deans

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  1. Any shoe/luggage repair shops near you? They usually do this for far less money then the aggravation it will cost you. Getting to be a dying business though.
  2. What both David and George said. Plus some people have a sharper ear than others.
  3. Keep in mind that 40K pounds at auction plus fees is a lot. Tarisio has 42k usd as a the record for a cello.
  4. Hard to say, maybe a bad example, maybe it just wasn't its day. From what I see Peresson instruments still seem to do well both at retail and auction here in the US. ( in spite of some poo-pooing). I've looked at several of the larger violas at auction, always seem to go for more than I had at the time.
  5. I agree with Andreas for the most part. But if you just want to move it out and get cash, perhaps the best thing is to sell it as is. The crack repair, if done well (it would be worth it) plus set up work will likely run you the better part of $1K. This fiddle would probably retail for more, but now you've made a significant investment and it can be difficult for an individual, with one violin, to sell an instrument, unless your are well plugged into your music community. As is, you can get some cash out of it quickly, maybe not the max you could if you fixed it up and shopped it around, but that that costs money too. I would think that on Ebay this would get into the low-mid $100s, although I don't necessarily recommend that route either.
  6. I don't know. But I might say that if the string length is such that 4/5 of the strings can be off-the-shelf violin strings then its a violin. But I guess some very small ~14.5" violas can use mostly violin strings, so maybe that's not a good criteria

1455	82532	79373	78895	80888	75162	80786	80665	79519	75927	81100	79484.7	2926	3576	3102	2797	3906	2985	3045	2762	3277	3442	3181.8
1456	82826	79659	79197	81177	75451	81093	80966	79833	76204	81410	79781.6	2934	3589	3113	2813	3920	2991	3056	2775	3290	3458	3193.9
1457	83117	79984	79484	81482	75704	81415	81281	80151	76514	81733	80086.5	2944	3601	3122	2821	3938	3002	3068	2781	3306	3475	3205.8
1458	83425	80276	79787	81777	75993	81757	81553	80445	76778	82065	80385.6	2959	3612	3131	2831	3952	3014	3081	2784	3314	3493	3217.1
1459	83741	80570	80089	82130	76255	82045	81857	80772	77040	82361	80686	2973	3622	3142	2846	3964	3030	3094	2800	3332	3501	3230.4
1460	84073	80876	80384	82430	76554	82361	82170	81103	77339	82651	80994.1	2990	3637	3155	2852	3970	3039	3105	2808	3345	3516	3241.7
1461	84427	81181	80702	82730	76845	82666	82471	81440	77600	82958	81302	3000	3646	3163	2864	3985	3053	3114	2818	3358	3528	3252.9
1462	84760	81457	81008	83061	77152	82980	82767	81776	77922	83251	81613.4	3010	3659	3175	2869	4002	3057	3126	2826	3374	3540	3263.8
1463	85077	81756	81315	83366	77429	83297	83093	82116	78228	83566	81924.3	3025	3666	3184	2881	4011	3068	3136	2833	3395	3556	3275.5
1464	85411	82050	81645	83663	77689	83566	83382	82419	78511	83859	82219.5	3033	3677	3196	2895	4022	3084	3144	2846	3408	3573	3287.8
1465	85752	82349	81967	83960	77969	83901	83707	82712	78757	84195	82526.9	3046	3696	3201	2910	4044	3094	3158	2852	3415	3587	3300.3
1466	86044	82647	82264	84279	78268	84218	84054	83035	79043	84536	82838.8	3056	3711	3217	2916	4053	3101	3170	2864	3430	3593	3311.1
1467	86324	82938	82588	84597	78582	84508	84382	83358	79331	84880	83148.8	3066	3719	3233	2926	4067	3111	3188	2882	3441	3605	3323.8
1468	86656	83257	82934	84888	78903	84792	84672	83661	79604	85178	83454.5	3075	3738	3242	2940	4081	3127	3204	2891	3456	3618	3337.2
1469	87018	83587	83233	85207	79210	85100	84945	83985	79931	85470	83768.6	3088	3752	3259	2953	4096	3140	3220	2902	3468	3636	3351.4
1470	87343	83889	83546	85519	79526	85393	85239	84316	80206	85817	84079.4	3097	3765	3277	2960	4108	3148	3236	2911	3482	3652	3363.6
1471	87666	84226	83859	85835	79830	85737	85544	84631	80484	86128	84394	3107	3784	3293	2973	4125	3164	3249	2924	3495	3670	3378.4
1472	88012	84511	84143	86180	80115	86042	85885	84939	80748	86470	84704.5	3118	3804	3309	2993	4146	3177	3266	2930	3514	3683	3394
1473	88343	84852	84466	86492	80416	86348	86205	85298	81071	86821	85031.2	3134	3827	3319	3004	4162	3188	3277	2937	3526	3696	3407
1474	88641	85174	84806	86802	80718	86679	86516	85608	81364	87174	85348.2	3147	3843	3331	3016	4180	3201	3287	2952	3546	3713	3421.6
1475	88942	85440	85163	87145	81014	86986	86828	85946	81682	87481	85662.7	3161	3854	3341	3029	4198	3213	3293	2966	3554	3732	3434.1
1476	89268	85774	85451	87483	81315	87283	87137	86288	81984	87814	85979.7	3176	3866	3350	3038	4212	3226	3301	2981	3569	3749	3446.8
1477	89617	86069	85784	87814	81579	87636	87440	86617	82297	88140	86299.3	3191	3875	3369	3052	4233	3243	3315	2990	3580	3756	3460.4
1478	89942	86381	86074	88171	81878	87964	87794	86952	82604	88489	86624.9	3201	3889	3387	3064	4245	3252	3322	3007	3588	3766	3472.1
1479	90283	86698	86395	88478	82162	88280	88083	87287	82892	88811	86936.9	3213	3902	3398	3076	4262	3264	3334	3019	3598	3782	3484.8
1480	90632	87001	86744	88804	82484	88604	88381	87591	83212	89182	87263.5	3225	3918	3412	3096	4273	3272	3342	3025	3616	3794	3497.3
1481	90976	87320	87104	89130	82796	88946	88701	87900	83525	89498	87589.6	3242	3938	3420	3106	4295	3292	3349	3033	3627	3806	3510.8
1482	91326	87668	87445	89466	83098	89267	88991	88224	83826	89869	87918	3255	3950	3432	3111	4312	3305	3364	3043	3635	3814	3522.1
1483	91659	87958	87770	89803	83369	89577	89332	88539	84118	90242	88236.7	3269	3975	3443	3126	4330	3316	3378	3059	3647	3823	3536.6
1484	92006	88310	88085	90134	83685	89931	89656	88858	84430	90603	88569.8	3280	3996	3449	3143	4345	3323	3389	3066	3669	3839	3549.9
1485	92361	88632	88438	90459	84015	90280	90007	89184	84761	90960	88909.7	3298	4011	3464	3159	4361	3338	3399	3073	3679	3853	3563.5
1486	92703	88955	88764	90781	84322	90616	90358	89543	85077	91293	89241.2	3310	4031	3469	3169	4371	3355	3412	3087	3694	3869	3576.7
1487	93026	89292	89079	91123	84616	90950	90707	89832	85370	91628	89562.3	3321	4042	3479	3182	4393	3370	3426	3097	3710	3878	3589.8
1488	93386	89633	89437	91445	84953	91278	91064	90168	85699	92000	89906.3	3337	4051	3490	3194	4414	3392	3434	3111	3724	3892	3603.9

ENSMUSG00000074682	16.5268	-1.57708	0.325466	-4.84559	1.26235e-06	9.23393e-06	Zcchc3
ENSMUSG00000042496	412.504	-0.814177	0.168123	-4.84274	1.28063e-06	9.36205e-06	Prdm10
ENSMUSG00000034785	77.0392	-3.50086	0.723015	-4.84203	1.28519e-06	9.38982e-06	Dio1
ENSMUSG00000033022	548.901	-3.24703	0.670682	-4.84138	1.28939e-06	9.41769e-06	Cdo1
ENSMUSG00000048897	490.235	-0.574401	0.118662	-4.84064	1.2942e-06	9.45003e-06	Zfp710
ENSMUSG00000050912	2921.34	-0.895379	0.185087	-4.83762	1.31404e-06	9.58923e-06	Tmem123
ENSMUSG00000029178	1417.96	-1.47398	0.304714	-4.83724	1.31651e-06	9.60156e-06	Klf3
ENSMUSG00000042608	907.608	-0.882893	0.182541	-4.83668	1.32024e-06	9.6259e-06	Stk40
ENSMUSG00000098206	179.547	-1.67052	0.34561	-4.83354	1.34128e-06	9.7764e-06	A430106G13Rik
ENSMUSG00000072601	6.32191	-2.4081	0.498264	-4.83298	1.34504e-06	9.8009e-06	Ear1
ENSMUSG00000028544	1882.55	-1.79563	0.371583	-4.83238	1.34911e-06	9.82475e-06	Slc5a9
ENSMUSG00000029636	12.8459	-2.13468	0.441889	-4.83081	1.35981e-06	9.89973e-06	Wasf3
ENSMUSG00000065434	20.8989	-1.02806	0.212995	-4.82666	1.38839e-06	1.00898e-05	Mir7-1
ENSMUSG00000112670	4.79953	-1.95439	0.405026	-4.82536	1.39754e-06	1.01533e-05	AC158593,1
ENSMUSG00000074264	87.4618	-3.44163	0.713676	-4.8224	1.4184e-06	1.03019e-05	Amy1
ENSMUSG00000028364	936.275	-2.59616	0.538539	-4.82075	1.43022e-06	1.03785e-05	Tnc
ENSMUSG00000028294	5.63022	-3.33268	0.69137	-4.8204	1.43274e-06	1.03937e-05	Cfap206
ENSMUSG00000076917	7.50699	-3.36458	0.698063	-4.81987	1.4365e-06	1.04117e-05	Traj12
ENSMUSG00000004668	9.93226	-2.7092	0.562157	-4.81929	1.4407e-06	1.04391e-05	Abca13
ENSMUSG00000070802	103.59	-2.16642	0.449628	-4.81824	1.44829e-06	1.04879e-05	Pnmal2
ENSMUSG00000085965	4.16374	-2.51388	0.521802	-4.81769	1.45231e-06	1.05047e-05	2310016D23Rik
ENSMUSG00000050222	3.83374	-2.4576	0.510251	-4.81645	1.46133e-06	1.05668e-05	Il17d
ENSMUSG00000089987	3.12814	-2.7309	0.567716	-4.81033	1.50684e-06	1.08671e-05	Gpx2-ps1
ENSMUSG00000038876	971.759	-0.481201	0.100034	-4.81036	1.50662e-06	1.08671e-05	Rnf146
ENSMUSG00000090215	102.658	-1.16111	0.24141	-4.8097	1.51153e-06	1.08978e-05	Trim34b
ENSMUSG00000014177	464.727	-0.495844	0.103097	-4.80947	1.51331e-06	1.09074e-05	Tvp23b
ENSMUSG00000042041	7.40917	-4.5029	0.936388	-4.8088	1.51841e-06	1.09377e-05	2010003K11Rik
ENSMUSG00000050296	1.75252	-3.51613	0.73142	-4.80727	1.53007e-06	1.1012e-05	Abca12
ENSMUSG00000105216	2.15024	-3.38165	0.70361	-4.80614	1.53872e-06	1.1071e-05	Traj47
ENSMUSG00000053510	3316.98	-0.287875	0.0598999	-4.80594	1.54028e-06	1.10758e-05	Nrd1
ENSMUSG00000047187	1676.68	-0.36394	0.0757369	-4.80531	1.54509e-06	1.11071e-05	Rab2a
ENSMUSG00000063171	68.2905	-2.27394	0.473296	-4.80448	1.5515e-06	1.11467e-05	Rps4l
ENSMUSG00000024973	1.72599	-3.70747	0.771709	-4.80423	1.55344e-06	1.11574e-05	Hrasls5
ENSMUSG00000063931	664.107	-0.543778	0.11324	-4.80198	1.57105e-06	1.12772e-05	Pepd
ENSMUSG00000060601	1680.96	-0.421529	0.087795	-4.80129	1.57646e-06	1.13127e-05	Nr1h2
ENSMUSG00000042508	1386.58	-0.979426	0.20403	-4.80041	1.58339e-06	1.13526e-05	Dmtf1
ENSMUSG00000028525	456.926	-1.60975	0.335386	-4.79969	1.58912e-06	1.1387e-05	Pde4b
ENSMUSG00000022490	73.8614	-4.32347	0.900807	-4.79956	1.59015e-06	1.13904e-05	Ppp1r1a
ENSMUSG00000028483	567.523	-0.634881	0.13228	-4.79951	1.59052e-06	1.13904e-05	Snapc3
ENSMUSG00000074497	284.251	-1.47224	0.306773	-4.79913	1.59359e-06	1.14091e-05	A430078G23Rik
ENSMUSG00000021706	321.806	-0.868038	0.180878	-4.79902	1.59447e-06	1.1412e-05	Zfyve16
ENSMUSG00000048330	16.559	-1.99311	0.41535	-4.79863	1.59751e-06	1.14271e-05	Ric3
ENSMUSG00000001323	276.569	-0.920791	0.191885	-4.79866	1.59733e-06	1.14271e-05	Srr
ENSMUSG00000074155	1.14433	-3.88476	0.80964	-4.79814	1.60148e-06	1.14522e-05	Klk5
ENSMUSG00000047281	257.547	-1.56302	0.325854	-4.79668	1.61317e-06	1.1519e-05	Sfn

7. Better yet, dump the fine tuner and evas and use plain gut, maybe with a gold label g and d.
  8. deans

    Cello Id please

    If it were mine, and I was cello player, I would.
  9. Call and ask. Viola tailpieces (and violin for that matter) are made in different sizes. Some people call a 15 inch viola 3/4, so I don't know. Most viola tailpieces designed to fit average full size violas (16") might be too long.
  10. I knew someone who had a Pallaver that I thought was quite nice. If either of these two is like that then it would be a nice deal if it stayed within the estimate. They look nice and are a good size. But of course you never know what any given instrument might sound like.
  11. What's the vibrating string length? I play a lot of various gut strings and to me Dominants and Tonicas seem to be closest to that sound, others may disagree. With Dominants you have the option of shorter scale strings, if your instrument happens to need them. If the string length is around 14.25 or so, I would just go with medium Dominants, they will be pretty low tension and work well on a Saxon viola I have of similar size. Not the recipe for most power though.
  12. deans

    Ouch!

    3 bids up to $47. Someone must want it for their pet mice.
  13. Peresson might come close for some reasons.
  14. deans

    europe

    Yeah, cant blame a guy who likes to buy and muck around with fiddles. And its bound to lead to buyers remourse once in a while. But the europe thing cracks me up. And there always seems to be a luthier buddy who thinks its Italian.
  15. Is the issue that players want European/American instruments. Or do they not want new handmade instruments at all?